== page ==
SRC monitors industry trends through frequent communication with regulating agencies, and review of warning letters and enforcement actions. From our monitoring of FDA Warning Letters, we have noticed some recent trends in FDA enforcement and interpretation of the regulations of over-the-counter drugs. Bob MacDonald, SRC’s VP of Regulatory Services provides a breakdown of these trends.

Shared Equipment Usage

In SRC’s recent monitoring of Warning Letters (WLs), containing current Good Manufacturing Practices (cGMPs) observations, a strict interpretation of 21 CFR 211.42(c) under Subpart C – Buildings and Facilities has been noted.

“Operations shall be performed within specifically defined areas of adequate size. There shall be separation or defined areas or such other controls for the firm’s operations as are necessary to prevent contamination or mixups during the course of the following procedures:”

This portion of the code of federal regulations elaborates further these procedures to be inclusive of – receipt of components, holding, storage, manufacturing and processing, packaging, labeling, quarantine, storage, release, control and laboratory operations, and aseptic processing (as appropriate).


“Your firm failed to maintain adequate separate defined areas necessary to prevent contamination or mix up (21 CFR 211.42(c))”
 “Your firm manufactures over-the-counter (OTC) antibacterial hand soap, antiseptics, and hand sanitizers drug products. You manufacture these drug products using the same equipment that you use to manufacture numerous non-pharmaceutical materials in your facility, including industrial cleaners and disinfectants. It is unacceptable as a matter of cGMP to continue manufacturing drugs using the same equipment that you use to manufacture these non-pharmaceutical products due to the risk of cross contamination.
In response to this letter, confirm whether you will discontinue manufacturing drugs on shared equipment in your facility. If you intend to continue to manufacture both pharmaceutical and non-pharmaceutical products at your facility, provide a plan to how you will separate the areas in which you will maintain dedicated manufacturing equipment for your pharmaceutical manufacturing and industrial manufacturing operations.
In addition, provide a risk assessment for all drugs you had previously produced on equipment shared with industrial products. For each product, assess the risk of potential contamination due to the shared equipment, and provide your plans for addressing product quality and patient safety for any product still in distribution, including potential recalls or market withdrawals.”

SRC agrees that validation of the manufacturing process and cleaning procedures between batches and specifically between products with dissimilar pH, viscosity, or other characteristics is vital to address any concerns of carry over and/or contaminate. FDA’s current evaluations of the regulation, however, appear to push the interpretation that subsequent product manufacture of industrial cleaners cannot be on the same equipment as OTC drug products. Manufacturers must have dedicated areas and equipment for pharmaceutical products that are separate from non-pharmaceutical production.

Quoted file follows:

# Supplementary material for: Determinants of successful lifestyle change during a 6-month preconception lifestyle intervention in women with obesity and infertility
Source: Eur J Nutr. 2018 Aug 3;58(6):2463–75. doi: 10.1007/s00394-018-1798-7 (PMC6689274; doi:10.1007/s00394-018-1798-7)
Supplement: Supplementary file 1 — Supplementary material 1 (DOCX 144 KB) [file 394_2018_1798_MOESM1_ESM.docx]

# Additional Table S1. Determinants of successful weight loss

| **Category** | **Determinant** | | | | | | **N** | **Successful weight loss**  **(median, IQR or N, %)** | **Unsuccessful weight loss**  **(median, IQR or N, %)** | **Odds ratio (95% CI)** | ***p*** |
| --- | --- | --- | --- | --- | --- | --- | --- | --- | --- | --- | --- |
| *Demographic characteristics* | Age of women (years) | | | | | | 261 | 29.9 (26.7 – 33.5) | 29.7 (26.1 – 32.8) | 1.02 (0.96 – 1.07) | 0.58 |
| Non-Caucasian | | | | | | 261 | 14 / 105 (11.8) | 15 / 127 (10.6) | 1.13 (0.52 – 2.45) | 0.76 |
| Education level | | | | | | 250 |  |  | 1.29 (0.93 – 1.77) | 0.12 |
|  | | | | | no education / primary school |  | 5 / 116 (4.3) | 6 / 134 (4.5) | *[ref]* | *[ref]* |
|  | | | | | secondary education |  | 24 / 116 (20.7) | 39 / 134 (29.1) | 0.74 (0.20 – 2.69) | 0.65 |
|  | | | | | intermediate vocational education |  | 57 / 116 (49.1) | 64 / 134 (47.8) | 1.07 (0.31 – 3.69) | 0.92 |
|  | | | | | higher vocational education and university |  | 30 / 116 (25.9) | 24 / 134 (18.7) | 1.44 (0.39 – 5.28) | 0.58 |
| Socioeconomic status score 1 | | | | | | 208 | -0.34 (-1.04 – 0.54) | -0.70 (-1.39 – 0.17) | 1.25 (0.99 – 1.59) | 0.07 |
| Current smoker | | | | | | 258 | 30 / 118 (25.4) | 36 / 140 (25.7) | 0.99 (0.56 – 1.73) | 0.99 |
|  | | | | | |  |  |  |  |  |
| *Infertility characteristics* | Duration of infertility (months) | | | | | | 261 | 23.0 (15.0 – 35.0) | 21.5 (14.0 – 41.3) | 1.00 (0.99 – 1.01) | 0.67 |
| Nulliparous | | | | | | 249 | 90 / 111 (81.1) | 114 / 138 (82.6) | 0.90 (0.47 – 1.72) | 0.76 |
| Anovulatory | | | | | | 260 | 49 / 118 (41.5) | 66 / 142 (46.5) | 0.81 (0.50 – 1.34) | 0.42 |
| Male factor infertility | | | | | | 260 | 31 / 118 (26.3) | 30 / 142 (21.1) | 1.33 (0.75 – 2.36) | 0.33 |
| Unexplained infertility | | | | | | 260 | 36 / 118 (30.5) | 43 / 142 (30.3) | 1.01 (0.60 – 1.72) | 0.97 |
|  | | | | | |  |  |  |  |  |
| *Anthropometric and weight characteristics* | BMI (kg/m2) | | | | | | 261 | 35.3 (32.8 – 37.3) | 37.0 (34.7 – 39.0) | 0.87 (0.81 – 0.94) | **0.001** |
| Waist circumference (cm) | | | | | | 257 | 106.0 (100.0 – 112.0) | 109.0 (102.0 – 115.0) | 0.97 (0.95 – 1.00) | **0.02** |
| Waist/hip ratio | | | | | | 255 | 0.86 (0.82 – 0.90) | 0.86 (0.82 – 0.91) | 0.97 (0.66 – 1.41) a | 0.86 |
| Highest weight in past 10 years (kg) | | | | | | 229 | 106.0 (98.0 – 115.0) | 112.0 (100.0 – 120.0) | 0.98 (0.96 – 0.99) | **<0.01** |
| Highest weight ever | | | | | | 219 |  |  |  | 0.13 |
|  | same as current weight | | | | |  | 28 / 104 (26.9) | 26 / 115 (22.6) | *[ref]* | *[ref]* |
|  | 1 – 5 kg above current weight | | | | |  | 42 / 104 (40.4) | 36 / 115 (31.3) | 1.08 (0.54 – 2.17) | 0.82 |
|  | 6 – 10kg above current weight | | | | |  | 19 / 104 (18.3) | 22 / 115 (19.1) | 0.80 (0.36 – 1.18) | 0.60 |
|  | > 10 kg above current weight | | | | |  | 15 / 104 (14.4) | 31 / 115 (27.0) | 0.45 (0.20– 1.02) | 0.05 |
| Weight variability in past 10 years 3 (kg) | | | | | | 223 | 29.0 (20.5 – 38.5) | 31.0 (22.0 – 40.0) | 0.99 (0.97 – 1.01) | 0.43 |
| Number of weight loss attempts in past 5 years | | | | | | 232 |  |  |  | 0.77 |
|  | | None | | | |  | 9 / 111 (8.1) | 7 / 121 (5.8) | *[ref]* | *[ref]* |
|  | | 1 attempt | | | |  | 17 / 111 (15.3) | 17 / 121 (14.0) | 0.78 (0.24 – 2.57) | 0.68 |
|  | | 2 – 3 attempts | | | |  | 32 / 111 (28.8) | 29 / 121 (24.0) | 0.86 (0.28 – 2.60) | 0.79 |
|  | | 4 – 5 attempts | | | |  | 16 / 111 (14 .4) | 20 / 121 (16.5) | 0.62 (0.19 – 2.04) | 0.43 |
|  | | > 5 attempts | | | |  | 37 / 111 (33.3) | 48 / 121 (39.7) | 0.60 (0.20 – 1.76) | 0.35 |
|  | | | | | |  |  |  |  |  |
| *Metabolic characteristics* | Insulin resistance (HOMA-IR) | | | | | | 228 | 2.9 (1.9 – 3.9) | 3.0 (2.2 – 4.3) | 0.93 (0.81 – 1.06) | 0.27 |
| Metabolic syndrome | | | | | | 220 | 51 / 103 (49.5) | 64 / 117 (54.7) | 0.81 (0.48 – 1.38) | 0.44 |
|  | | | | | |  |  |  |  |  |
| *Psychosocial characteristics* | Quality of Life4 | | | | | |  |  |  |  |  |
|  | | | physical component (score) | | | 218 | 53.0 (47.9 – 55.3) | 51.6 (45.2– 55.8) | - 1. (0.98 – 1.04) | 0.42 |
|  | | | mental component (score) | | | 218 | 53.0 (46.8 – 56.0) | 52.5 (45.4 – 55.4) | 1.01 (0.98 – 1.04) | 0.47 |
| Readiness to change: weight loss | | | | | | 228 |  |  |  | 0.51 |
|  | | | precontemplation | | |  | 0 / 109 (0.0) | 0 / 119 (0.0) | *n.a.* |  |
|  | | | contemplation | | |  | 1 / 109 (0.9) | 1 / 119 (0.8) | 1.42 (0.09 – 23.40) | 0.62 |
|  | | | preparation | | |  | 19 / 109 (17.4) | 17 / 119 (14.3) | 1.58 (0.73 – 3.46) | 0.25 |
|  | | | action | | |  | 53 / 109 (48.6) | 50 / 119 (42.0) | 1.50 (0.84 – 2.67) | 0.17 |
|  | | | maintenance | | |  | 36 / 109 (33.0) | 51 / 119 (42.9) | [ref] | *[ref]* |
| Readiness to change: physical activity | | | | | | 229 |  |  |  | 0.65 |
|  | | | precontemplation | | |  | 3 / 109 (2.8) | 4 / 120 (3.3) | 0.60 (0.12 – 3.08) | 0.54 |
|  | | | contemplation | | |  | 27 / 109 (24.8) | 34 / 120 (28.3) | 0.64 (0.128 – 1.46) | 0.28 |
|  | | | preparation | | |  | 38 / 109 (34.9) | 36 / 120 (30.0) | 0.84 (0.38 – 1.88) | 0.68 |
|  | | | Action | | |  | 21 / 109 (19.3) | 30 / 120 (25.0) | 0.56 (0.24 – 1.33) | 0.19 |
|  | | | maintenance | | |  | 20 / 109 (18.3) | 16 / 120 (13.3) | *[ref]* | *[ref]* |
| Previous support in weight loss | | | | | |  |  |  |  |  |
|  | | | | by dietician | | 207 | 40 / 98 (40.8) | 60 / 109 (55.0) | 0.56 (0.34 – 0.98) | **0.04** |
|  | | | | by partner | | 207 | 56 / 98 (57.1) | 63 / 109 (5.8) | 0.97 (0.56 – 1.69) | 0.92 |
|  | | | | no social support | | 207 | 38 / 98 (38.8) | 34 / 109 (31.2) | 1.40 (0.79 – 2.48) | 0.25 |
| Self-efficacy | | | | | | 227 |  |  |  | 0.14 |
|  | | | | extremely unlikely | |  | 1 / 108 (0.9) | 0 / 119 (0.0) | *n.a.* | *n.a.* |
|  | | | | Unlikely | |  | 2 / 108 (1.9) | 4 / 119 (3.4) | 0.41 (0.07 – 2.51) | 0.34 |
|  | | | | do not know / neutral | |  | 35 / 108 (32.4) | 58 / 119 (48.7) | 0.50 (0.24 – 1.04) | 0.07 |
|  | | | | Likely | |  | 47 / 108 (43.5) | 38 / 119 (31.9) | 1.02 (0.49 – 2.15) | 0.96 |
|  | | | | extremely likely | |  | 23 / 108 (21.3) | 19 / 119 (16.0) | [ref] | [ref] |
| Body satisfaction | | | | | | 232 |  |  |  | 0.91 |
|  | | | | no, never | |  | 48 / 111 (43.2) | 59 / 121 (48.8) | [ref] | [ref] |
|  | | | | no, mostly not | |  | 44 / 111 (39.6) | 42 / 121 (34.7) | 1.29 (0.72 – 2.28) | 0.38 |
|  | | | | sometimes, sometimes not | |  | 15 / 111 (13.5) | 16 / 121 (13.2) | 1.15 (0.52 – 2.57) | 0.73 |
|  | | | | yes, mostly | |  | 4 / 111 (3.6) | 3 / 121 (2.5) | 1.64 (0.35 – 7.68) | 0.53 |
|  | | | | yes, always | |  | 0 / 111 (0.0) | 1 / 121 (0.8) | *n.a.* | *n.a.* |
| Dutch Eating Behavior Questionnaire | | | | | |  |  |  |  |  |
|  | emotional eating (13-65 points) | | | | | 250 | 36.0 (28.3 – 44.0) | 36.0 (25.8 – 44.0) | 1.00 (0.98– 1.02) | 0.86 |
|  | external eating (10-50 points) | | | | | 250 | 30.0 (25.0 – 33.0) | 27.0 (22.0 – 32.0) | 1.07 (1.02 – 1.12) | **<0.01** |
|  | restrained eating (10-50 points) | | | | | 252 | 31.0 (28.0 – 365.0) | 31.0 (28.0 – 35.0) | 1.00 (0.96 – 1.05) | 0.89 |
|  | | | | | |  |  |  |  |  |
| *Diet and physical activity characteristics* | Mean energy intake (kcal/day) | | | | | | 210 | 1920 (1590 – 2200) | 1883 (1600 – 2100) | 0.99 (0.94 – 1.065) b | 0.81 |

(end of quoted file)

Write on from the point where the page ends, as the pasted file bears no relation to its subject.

This interpretation eliminates the allowance of “such other controls for the firm’s operations as are necessary to prevent contamination or mixups during the course of the following procedures:”

OTC Drug Establishments should consider the practicality of dedicating manufacturing equipment for their OTC manufacture and their ability to properly validate their processes to ensure proper cleaning and lack of carry over and/or contamination/residue from one product’s production to the other.

For OTC’s specifically, identification and evaluation of all cleaning and validation scenarios should be considered:

  • Drugs with higher toxicity
  • Drugs with higher drug potencies
  • Drugs of lower solubility in their cleaning solvents
  • Drugs with characteristics that make them difficult to clean
  • Swabbing locations for areas that are most difficult to clean
  • Maximum hold times before cleaning

Contact the SRC team for assistance in developing FDA compliance practices and Standard Operating Procedures (SOP’s). Our team is available to conduct Good Manufacturing Practices (GMP) auditing of your facility and provide you with recommendations to achieve compliance.

Active Ingredient Declaration (Misbranded)

Another recent trend in Warning letters is on the issue of similar names being used in labeling for a recognized active ingredient. An example of this from a recent Warning Letter was an instance where the Active Ingredient was expressed in the Drug Facts box as PCMX.

Per 21 CFR 201.66(c)(2) – “Active ingredient or Active ingredients followed by the established name of each active ingredient and the quantity of each active ingredient per dosage unit.”

 The Warning Letter indicated:

“PCMX is a synonym or chemical abbreviation for chloroxylenol, this is not the established name as listed in an official compendium.”
“Because chloroxylenol is an article listed in the USP compendium, it is considered the established name for this active ingredient and must be identified as such in the Drug Facts panel in accordance with 21 CFR 201.66)c)(2).”

SRC recommends OTC Drug Establishments review their product listings to ensure active ingredient listings are consistent with the “established name” in The United States Pharmacopeia (USP) compendium. Using synonyms for the established name of an ingredient in the Drug Facts may lead to enforcement.

The SRC team will continue to observe industry trends and provide updates as they emerge. Please contact SRC for assistance in developing compliant market labels.


Bob MacDonald

VP of Regulatory Services

Posted 03/28/2023